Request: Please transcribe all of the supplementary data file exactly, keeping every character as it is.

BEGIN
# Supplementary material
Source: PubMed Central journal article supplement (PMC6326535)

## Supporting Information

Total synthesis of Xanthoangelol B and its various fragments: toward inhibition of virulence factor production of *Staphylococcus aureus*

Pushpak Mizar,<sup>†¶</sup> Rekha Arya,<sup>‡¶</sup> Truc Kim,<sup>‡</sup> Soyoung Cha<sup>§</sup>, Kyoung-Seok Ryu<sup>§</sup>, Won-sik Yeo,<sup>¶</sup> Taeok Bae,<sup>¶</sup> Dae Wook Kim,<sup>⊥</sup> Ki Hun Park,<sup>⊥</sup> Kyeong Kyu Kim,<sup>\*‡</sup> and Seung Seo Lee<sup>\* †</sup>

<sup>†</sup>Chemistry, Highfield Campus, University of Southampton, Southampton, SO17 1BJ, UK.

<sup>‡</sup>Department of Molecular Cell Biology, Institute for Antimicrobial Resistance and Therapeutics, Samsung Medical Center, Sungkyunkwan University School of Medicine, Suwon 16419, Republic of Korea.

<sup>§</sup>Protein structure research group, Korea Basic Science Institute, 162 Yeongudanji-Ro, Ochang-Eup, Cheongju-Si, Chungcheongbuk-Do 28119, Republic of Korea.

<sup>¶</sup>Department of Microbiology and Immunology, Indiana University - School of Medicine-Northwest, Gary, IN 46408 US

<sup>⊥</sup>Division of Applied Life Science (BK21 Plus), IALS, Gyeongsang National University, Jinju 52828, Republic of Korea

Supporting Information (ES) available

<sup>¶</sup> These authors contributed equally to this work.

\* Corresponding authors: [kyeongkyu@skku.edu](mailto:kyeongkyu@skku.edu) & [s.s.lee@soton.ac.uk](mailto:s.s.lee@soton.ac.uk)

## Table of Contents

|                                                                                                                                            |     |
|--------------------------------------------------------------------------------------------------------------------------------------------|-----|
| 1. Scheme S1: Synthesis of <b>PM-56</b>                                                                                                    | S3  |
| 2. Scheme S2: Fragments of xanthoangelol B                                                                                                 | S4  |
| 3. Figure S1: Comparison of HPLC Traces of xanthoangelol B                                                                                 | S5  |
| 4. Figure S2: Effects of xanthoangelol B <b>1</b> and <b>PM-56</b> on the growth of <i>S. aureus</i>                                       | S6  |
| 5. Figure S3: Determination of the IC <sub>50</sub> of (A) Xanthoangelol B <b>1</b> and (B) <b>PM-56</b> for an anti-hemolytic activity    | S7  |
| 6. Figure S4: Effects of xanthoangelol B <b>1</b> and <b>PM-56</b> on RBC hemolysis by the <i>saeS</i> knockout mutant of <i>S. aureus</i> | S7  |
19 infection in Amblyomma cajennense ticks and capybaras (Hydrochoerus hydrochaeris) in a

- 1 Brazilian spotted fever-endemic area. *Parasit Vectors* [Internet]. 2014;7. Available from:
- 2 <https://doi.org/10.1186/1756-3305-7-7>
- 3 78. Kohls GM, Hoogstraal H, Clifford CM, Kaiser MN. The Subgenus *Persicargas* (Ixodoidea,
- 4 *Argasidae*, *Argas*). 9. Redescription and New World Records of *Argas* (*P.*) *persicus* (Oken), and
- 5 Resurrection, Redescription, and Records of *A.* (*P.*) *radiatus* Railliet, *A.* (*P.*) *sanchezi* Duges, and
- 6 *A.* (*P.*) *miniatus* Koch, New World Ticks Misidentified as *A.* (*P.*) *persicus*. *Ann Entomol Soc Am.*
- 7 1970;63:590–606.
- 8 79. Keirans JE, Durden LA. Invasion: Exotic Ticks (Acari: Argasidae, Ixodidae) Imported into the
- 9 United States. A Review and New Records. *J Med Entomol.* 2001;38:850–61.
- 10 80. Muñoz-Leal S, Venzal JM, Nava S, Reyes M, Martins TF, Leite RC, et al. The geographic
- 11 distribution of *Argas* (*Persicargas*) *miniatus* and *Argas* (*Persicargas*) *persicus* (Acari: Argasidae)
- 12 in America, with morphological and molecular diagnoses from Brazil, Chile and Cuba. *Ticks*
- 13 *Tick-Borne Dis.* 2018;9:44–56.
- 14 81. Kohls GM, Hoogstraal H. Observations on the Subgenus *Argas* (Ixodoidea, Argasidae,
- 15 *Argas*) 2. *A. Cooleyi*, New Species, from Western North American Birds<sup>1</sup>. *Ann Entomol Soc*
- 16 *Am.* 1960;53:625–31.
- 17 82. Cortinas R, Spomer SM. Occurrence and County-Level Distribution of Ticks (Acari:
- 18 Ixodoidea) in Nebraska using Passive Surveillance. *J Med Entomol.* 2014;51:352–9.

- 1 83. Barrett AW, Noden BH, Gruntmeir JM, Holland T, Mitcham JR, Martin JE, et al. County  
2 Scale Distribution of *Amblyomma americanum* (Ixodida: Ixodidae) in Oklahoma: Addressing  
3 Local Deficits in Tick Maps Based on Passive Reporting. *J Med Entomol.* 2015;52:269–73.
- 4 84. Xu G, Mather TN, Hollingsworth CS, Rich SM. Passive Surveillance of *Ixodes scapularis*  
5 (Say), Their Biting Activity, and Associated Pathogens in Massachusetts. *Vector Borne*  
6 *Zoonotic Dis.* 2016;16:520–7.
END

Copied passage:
# Supplementary material
Source: PubMed Central journal article supplement (PMC6326535)

## Supporting Information

Total synthesis of Xanthoangelol B and its various fragments: toward inhibition of virulence factor production of *Staphylococcus aureus*

Pushpak Mizar,<sup>†¶</sup> Rekha Arya,<sup>‡¶</sup> Truc Kim,<sup>‡</sup> Soyoung Cha<sup>§</sup>, Kyoung-Seok Ryu<sup>§</sup>, Won-sik Yeo,<sup>¶</sup> Taeok Bae,<sup>¶</sup> Dae Wook Kim,<sup>⊥</sup> Ki Hun Park,<sup>⊥</sup> Kyeong Kyu Kim,<sup>\*‡</sup> and Seung Seo Lee<sup>\* †</sup>

<sup>†</sup>Chemistry, Highfield Campus, University of Southampton, Southampton, SO17 1BJ, UK.

<sup>‡</sup>Department of Molecular Cell Biology, Institute for Antimicrobial Resistance and Therapeutics, Samsung Medical Center, Sungkyunkwan University School of Medicine, Suwon 16419, Republic of Korea.

<sup>§</sup>Protein structure research group, Korea Basic Science Institute, 162 Yeongudanji-Ro, Ochang-Eup, Cheongju-Si, Chungcheongbuk-Do 28119, Republic of Korea.

<sup>¶</sup>Department of Microbiology and Immunology, Indiana University - School of Medicine-Northwest, Gary, IN 46408 US

<sup>⊥</sup>Division of Applied Life Science (BK21 Plus), IALS, Gyeongsang National University, Jinju 52828, Republic of Korea

Supporting Information (ES) available

<sup>¶</sup> These authors contributed equally to this work.

\* Corresponding authors: [kyeongkyu@skku.edu](mailto:kyeongkyu@skku.edu) & [s.s.lee@soton.ac.uk](mailto:s.s.lee@soton.ac.uk)

## Table of Contents

|                                                                                                                                            |     |
|--------------------------------------------------------------------------------------------------------------------------------------------|-----|
| 1. Scheme S1: Synthesis of <b>PM-56</b>                                                                                                    | S3  |
| 2. Scheme S2: Fragments of xanthoangelol B                                                                                                 | S4  |
| 3. Figure S1: Comparison of HPLC Traces of xanthoangelol B                                                                                 | S5  |
| 4. Figure S2: Effects of xanthoangelol B <b>1</b> and <b>PM-56</b> on the growth of <i>S. aureus</i>                                       | S6  |
| 5. Figure S3: Determination of the IC <sub>50</sub> of (A) Xanthoangelol B <b>1</b> and (B) <b>PM-56</b> for an anti-hemolytic activity    | S7  |
| 6. Figure S4: Effects of xanthoangelol B <b>1</b> and <b>PM-56</b> on RBC hemolysis by the <i>saeS</i> knockout mutant of <i>S. aureus</i> | S7  |
19 infection in Amblyomma cajennense ticks and capybaras (Hydrochoerus hydrochaeris) in a

- 1 Brazilian spotted fever-endemic area. *Parasit Vectors* [Internet]. 2014;7. Available from:
- 2 <https://doi.org/10.1186/1756-3305-7-7>
- 3 78. Kohls GM, Hoogstraal H, Clifford CM, Kaiser MN. The Subgenus *Persicargas* (Ixodoidea,
- 4 *Argasidae*, *Argas*). 9. Redescription and New World Records of *Argas* (*P.*) *persicus* (Oken), and
- 5 Resurrection, Redescription, and Records of *A.* (*P.*) *radiatus* Railliet, *A.* (*P.*) *sanchezi* Duges, and
- 6 *A.* (*P.*) *miniatus* Koch, New World Ticks Misidentified as *A.* (*P.*) *persicus*. *Ann Entomol Soc Am.*
- 7 1970;63:590–606.
- 8 79. Keirans JE, Durden LA. Invasion: Exotic Ticks (Acari: Argasidae, Ixodidae) Imported into the
- 9 United States. A Review and New Records. *J Med Entomol.* 2001;38:850–61.
- 10 80. Muñoz-Leal S, Venzal JM, Nava S, Reyes M, Martins TF, Leite RC, et al. The geographic
- 11 distribution of *Argas* (*Persicargas*) *miniatus* and *Argas* (*Persicargas*) *persicus* (Acari: Argasidae)
- 12 in America, with morphological and molecular diagnoses from Brazil, Chile and Cuba. *Ticks*
- 13 *Tick-Borne Dis.* 2018;9:44–56.
- 14 81. Kohls GM, Hoogstraal H. Observations on the Subgenus *Argas* (Ixodoidea, Argasidae,
- 15 *Argas*) 2. *A. Cooleyi*, New Species, from Western North American Birds<sup>1</sup>. *Ann Entomol Soc*
- 16 *Am.* 1960;53:625–31.
- 17 82. Cortinas R, Spomer SM. Occurrence and County-Level Distribution of Ticks (Acari:
- 18 Ixodoidea) in Nebraska using Passive Surveillance. *J Med Entomol.* 2014;51:352–9.

- 1 83. Barrett AW, Noden BH, Gruntmeir JM, Holland T, Mitcham JR, Martin JE, et al. County  
2 Scale Distribution of *Amblyomma americanum* (Ixodida: Ixodidae) in Oklahoma: Addressing  
3 Local Deficits in Tick Maps Based on Passive Reporting. *J Med Entomol.* 2015;52:269–73.
- 4 84. Xu G, Mather TN, Hollingsworth CS, Rich SM. Passive Surveillance of *Ixodes scapularis*  
5 (Say), Their Biting Activity, and Associated Pathogens in Massachusetts. *Vector Borne*  
6 *Zoonotic Dis.* 2016;16:520–7.